Wednesday 24 June 2015

Flavours of Africa: Oxtail And Samp

Winter arrived properly here in the Cape yesterday, along with the associated rain and cold. Today we have had some thunder and lightning already, with heavy clouds over the Helderberg.

Time for a real winter stew.

For a while now I have been thinking of traditional African stews. A search on the internet revealed very few local recipes. Those that are listed vary from having very simple ingredients to some exotic spicy versions.  Mostly the dishes are from outside of Africa.

So I decided to have yet another version. A stew with an East African slant, if you will. This means that there needs to be a hint of the Middle East in there, with some exotic flavours, but not too spicy. Having reasoned thus far, the ingredients started to settle in my mind.

Lots of cumin, smoked paprika, mixed Madagascan pepper, some garlic, a hint of cinnamon, then some sage and coriander leaves at the end. Coarse sea salt. A dollop of soy sauce. Done. To give  this dish an African flavour, I added red kidney beans as well. My reasoning was that the dish will be served with samp, the broken cooked maize kernels that are so traditional in Africa. Mixed samp and beans is quite popular too, but I decided against this as there was beans in the main dish anyway.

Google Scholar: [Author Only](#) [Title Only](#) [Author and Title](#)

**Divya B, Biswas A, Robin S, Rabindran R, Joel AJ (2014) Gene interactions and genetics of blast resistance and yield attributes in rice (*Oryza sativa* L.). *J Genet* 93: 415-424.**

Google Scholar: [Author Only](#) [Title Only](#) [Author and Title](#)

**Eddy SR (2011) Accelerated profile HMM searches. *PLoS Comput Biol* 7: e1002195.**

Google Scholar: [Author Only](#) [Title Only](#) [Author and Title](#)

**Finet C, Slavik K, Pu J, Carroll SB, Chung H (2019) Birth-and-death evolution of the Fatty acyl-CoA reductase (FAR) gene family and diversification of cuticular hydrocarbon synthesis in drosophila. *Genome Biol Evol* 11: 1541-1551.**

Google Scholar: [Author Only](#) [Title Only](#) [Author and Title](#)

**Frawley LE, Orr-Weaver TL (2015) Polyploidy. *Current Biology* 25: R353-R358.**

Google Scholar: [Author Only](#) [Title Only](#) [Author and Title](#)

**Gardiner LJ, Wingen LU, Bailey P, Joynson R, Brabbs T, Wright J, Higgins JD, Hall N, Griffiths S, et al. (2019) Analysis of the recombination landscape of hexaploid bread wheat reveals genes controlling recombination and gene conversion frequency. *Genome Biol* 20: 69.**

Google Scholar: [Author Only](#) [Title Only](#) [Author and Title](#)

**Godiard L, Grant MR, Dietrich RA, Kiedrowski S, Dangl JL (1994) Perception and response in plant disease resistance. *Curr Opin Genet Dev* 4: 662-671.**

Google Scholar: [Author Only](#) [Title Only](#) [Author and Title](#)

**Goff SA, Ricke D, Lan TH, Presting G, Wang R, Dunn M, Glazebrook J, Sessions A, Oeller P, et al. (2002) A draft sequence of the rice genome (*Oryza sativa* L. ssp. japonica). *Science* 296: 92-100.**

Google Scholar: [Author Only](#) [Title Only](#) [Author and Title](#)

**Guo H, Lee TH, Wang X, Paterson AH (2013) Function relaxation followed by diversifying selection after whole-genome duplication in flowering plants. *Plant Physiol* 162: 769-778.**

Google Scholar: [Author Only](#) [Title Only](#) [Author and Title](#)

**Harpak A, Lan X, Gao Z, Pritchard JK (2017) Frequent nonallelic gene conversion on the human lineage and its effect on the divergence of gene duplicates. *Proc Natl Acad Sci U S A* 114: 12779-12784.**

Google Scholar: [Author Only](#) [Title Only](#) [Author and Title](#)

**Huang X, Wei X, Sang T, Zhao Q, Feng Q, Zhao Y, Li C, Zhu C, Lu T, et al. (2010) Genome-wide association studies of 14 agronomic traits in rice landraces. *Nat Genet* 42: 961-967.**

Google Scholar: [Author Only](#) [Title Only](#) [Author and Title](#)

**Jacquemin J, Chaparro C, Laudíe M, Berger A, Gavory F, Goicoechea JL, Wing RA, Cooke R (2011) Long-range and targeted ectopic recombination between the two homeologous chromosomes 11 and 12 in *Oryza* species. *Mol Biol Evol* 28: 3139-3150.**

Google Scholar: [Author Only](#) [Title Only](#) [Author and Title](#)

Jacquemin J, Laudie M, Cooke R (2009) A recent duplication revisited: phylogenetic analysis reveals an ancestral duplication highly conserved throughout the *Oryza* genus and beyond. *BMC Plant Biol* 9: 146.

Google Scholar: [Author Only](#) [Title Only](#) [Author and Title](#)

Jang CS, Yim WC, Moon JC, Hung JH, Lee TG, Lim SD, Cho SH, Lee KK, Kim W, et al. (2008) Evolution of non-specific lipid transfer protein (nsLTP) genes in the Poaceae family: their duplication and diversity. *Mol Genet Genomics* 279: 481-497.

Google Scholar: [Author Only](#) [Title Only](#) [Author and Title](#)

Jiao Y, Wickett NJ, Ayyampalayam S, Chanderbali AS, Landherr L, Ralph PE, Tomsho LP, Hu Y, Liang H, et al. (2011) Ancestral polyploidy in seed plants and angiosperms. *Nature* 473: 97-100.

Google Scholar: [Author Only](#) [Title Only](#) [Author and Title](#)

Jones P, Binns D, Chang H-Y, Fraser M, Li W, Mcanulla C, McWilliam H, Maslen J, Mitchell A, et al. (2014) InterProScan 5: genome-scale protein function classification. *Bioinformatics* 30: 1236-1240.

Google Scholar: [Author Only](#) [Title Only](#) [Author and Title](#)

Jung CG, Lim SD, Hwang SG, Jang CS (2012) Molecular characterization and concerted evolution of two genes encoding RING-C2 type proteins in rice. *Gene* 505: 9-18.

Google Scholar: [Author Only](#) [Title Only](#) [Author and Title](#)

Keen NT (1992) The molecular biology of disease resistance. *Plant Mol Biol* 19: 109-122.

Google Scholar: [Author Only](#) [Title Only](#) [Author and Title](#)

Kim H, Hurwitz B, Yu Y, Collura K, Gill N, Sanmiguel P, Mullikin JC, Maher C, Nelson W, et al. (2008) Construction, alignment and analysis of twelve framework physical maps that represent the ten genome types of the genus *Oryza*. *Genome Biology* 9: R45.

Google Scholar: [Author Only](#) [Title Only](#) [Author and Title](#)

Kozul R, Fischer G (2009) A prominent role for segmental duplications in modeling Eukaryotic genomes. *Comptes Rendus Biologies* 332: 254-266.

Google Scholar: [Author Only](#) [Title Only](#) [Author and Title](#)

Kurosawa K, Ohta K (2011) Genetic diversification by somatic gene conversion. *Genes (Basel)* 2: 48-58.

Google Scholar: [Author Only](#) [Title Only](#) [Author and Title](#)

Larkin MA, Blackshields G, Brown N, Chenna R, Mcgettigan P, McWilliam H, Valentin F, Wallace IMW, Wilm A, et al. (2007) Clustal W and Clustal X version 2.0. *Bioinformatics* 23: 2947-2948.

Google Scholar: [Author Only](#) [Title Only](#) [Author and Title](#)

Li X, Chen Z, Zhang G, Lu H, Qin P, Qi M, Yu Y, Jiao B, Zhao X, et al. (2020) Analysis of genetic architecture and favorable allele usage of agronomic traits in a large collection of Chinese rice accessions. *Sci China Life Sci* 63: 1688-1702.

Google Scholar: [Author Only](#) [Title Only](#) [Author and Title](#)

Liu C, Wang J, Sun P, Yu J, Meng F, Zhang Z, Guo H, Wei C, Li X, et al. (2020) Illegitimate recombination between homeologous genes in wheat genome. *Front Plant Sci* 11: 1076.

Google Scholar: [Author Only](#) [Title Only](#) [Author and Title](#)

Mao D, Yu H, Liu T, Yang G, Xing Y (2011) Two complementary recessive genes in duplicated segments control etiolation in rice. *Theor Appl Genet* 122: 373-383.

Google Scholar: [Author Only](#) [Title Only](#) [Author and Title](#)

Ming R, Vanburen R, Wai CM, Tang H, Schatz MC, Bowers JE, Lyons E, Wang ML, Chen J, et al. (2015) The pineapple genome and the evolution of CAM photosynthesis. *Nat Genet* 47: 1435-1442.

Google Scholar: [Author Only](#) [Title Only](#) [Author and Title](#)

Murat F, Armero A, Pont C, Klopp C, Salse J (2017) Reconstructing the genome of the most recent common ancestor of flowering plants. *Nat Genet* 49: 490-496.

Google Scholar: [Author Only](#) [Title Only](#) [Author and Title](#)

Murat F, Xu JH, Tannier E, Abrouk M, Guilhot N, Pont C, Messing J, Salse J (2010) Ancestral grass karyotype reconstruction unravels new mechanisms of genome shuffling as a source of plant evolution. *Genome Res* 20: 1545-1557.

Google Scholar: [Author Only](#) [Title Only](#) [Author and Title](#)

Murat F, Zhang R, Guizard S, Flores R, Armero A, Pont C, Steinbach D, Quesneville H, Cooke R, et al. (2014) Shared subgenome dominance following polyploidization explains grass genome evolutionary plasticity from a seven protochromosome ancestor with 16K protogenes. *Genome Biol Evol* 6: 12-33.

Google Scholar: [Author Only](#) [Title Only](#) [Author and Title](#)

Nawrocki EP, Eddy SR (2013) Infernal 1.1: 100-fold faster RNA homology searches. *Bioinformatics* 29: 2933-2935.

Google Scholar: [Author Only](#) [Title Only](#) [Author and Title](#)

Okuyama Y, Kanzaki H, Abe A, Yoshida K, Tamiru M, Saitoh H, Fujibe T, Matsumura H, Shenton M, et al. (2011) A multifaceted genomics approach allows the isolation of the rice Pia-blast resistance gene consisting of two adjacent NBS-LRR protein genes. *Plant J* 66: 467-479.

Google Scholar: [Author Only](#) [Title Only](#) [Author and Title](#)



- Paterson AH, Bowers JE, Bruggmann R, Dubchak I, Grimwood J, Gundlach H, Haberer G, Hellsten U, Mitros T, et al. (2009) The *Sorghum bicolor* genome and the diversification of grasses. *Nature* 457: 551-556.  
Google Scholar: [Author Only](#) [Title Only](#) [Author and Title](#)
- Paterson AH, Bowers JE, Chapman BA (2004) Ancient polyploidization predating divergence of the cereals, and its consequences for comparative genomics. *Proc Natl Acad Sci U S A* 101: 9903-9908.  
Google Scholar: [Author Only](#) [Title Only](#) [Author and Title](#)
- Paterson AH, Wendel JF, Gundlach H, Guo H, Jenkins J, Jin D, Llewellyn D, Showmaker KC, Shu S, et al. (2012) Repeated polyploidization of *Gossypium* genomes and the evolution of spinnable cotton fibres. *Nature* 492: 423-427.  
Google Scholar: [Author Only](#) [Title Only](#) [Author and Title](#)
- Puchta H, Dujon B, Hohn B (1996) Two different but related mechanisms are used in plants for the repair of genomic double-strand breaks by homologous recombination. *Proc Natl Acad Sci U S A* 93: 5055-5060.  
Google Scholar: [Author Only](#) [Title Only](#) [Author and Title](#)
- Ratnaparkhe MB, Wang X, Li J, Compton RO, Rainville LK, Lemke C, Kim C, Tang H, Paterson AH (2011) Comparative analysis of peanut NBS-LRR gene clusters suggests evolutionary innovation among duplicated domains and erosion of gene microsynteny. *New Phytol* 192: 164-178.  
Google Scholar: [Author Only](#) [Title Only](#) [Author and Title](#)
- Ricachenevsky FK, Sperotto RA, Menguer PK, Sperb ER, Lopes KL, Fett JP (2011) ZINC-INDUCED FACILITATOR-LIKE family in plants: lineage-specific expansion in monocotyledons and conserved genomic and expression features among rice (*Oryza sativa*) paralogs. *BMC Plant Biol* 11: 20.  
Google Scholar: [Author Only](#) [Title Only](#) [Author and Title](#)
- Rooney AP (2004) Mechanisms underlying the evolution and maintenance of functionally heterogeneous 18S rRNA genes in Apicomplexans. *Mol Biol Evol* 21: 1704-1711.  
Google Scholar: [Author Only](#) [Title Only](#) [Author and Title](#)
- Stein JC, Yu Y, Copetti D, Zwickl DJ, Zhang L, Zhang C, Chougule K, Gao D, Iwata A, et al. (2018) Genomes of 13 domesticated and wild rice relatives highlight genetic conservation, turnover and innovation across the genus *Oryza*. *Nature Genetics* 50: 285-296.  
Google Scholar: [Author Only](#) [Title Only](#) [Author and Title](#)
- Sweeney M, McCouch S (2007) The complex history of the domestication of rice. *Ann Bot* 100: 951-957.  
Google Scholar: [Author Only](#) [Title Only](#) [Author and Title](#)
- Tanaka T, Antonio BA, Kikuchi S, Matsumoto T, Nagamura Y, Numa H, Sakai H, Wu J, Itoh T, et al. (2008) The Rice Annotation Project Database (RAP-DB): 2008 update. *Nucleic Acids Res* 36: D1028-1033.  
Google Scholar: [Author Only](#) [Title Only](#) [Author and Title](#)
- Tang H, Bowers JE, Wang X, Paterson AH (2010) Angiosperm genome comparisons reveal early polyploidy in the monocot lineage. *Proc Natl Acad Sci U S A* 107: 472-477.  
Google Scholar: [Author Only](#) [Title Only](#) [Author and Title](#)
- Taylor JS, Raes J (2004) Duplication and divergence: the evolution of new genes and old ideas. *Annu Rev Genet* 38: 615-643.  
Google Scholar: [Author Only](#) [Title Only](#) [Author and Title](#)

Samp is soaked in salt water for two to three hours prior to cooking. The kernels will soak up some water and wash off some starch. This is discarded and fresh water added for the cooking, which also takes one and a half to two hours. At the end the kernels are nicely swollen and quite chewy. To this I added a dollop of fresh cream and a knob of real butter. This makes for a rich creamy flavour to soak up all the juices from the oxtail.

Oxtail tend to be very tough and has lots of fat. You may not want all the fat in your dish, but do not despair. There is no need to cut the fat off, the process will take care of this. The beauty of oxtail is that one cooks the meat to a very gelatinous consistency, giving the dish an almost creamy texture. In this case I patted the meat quite dry, then fried the pieces in butter and cooking oil until it turned a nice toast colour of brown. The meat is done in batches to not have juices soaking up the heat and causing a cooking, rather than frying process.

The meat is then set aside to rest while you prepare the sauce. Discard the contents of the skillet, that is where most of the unwanted fat will be. This leaves the meat less fatty and nicely caramelised on the outside.

There is another angle to this dish: I made it the day before. This allowed the flavours to develop overnight. When cooking with spices, the flavours tend to be on the sharp side as a result of the frying which lets the oils out of the spices. Allowing the dish to rest will get rid of the very sharp essential oils and leave the basic flavours to marry. The meat also gains some texture, as it relaxes and is therefore a bit more tender.